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Silayo and his colleagues are supporting a group of 150 Kilombero mushroom growers with training on growing and processing mushrooms, as well as helping them access capital to expand their operations. Demand for oyster mushrooms both for export and for local restaurants has been steadily rising in Tanzania, providing a new and lucrative market for the farmers. Kilombero’s new fungi farmers can produce harvests throughout the year. A kilogram of mushrooms fetches around 7,000 Tanzanian shillings (approximately $3), in Dar, Silayo said.

He told Mongabay that farmers are slowly mastering unfamiliar techniques to maintain suitable growing conditions and maximise mushroom yields and quality. But, he said, farmers still lack vital infrastructure. “Mushrooms are highly perishable and require specific storage conditions to maintain freshness and extend shelf life, however many farmers lack proper storage facilities which result in spoilage.”

There are ten kaya forests scattered across 200 km of Kenya’s coastline, the site of fortified villages belonging to the Mijikenda from the 17th century until the 1940s. Recently these forest have come under pressure from commercial timber and charcoal production.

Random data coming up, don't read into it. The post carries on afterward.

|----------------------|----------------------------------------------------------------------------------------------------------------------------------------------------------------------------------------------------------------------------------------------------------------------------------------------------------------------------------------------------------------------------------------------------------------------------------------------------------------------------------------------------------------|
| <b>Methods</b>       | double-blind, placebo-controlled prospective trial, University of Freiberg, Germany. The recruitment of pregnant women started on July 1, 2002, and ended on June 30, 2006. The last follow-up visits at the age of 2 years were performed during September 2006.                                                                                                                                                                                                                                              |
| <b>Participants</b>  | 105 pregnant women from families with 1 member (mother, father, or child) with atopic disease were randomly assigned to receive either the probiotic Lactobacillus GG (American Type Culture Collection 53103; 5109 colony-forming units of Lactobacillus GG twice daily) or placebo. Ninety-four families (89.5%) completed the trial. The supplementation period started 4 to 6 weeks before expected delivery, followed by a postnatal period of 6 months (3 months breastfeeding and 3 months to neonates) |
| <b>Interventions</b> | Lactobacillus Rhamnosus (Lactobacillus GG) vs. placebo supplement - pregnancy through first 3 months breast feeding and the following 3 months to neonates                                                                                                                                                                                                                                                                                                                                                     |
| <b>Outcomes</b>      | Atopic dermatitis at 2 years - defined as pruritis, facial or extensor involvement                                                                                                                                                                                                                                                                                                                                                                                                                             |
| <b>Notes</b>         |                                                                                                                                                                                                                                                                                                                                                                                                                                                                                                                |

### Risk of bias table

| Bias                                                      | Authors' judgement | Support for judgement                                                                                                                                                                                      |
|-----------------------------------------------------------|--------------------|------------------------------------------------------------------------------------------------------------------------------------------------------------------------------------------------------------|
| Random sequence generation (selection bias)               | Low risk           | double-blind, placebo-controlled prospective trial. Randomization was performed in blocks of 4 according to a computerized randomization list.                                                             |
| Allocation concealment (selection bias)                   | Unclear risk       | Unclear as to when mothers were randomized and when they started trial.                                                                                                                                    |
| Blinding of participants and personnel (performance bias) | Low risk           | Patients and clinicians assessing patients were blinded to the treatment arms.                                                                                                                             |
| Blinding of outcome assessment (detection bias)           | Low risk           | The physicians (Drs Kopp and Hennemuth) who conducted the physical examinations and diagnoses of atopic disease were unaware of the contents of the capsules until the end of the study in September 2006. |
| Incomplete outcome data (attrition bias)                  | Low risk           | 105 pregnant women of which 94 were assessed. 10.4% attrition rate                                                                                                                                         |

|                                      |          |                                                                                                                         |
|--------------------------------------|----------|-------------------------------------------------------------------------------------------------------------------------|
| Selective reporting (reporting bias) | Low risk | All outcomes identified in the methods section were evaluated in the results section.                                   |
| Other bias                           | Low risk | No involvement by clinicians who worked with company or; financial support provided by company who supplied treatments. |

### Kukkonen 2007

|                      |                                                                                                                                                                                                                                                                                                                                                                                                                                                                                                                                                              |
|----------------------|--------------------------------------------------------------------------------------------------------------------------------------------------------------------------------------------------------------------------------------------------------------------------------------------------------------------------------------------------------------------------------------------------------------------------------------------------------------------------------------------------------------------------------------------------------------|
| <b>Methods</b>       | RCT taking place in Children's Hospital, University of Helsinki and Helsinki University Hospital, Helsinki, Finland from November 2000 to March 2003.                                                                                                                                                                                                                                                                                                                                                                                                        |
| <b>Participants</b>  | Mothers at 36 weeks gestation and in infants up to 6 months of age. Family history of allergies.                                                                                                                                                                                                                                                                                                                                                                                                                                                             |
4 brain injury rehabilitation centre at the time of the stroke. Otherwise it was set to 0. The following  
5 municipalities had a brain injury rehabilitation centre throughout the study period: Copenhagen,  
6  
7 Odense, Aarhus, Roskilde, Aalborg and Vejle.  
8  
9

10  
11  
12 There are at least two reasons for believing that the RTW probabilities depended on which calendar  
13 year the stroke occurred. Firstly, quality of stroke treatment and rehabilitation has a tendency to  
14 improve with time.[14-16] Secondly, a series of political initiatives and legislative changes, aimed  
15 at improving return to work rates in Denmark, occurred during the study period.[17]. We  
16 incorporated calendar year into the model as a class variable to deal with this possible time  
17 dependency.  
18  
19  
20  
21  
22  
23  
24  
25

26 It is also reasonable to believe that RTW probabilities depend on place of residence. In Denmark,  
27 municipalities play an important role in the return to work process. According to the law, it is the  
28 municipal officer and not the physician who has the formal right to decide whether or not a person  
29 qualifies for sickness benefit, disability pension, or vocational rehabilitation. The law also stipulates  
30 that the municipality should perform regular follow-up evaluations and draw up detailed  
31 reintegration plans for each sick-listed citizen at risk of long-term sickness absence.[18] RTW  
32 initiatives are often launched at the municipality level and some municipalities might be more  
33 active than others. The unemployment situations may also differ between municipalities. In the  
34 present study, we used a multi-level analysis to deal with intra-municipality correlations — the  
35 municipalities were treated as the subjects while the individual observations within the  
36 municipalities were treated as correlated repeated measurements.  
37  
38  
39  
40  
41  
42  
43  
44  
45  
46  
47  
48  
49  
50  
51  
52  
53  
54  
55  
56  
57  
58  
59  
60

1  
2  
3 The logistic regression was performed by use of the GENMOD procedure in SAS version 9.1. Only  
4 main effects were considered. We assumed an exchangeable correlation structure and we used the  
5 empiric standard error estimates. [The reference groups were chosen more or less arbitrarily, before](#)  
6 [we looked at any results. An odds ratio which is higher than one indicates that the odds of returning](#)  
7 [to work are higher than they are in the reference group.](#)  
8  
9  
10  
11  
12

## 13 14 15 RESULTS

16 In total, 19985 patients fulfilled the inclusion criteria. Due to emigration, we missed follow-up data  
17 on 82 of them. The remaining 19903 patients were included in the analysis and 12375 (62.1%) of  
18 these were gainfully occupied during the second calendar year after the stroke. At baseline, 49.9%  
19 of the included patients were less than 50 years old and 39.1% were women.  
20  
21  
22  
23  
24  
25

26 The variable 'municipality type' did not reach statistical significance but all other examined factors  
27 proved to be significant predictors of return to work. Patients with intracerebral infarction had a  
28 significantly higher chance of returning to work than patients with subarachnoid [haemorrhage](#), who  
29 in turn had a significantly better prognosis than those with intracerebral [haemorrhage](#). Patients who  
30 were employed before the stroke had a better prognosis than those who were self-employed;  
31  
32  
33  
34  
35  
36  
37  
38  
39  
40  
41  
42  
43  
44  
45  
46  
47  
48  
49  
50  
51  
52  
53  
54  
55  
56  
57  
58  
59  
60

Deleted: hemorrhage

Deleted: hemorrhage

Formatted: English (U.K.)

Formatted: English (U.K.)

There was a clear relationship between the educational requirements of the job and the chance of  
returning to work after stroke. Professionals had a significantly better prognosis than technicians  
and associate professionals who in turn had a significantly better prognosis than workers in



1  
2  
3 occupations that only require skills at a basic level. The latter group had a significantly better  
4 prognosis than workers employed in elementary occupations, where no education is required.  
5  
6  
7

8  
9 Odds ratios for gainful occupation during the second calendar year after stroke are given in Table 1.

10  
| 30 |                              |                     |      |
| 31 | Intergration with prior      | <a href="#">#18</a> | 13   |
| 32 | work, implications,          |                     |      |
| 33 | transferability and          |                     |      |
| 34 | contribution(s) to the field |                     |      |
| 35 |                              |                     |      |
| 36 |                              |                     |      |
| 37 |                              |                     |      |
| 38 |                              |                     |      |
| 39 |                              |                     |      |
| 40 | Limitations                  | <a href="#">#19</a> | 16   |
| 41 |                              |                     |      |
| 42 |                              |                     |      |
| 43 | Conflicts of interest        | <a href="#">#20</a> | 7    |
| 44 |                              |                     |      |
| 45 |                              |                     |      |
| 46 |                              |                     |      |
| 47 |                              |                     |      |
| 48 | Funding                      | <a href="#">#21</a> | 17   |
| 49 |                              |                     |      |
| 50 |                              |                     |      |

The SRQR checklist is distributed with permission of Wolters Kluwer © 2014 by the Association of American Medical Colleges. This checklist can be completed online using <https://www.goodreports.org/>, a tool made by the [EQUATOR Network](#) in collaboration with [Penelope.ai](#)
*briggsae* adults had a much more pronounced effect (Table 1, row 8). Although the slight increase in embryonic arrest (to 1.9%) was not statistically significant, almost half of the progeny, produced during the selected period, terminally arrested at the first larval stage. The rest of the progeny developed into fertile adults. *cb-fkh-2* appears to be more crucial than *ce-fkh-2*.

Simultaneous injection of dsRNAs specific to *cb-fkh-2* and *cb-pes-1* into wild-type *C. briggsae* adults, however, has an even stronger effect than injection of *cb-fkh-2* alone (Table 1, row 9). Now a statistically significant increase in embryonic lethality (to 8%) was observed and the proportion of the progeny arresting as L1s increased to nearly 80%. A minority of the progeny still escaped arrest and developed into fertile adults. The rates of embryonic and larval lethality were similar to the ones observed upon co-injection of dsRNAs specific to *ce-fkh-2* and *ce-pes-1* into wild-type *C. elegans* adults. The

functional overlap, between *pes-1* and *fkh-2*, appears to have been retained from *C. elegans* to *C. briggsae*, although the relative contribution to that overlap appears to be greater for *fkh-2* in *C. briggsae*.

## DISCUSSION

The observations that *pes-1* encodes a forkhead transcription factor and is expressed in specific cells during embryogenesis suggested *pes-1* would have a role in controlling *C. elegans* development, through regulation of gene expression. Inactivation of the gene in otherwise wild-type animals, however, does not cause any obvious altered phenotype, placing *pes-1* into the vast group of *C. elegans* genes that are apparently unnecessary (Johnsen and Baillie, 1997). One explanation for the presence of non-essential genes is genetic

There are ten kaya forests scattered across 200 km of Kenya’s coastline, the site of fortified villages belonging to the Mijikenda from the 17th century until the 1940s. Recently these forest have come under pressure from commercial timber and charcoal production. Image: Ninara via Flickr

Elders lead Kenyan community’s defense of sacred forests

Elders in the Mijikenda community of Dakatcha, in Kenya’s Coast province, are leading the defense of sacred forests. Dakatcha’s forest is the site of one of ten ancient fortified villages known as kayas. Though the kayas were all abandoned by the 1940s, the surrounding forests have been protected by locals as important cultural sites. But in recent years, locals and commercial traders from elsewhere have targeted these mature forests for timber, firewood and charcoal.

Kaya forests cover over 2,000 square kilometers along the Kenyan coast. They provide habitat for 13 endangered bird and mammal species, some of which are found nowhere else. Dakatcha’s forest is the northernmost miombo forest in Africa, a breeding site for the endangered Kilifi (Clarke’s) weaver and a dozen other threatened bird and mammal species.

Dakatcha’s elders say the area’s five kaya forests must be protected because they are the source of rain, good weather and blessings for the community. Patrick Changawa is an elder and the chairman of a community conservation group that is working with Nature Kenya. “We must find a solution to protect this forest before we lose it. Losing this forest means losing our culture which has been preserved here for many decades,” he told Mongabay.

The community’s traditional elders recently set up local conservation groups for each of the five kaya forests. These groups are explaining principles of forest conservation to locals and encouraging them to curb deforestation. The groups have also introduced alternative livelihood projects, including beekeeping and new agricultural techniques in an attempt to raise incomes.

“As the community and a group of elders, we’re doing what we can to save this endangered ecosystem by doing reforestation, educating locals on the importance of the forest and how we can benefit from it,” Changawa said.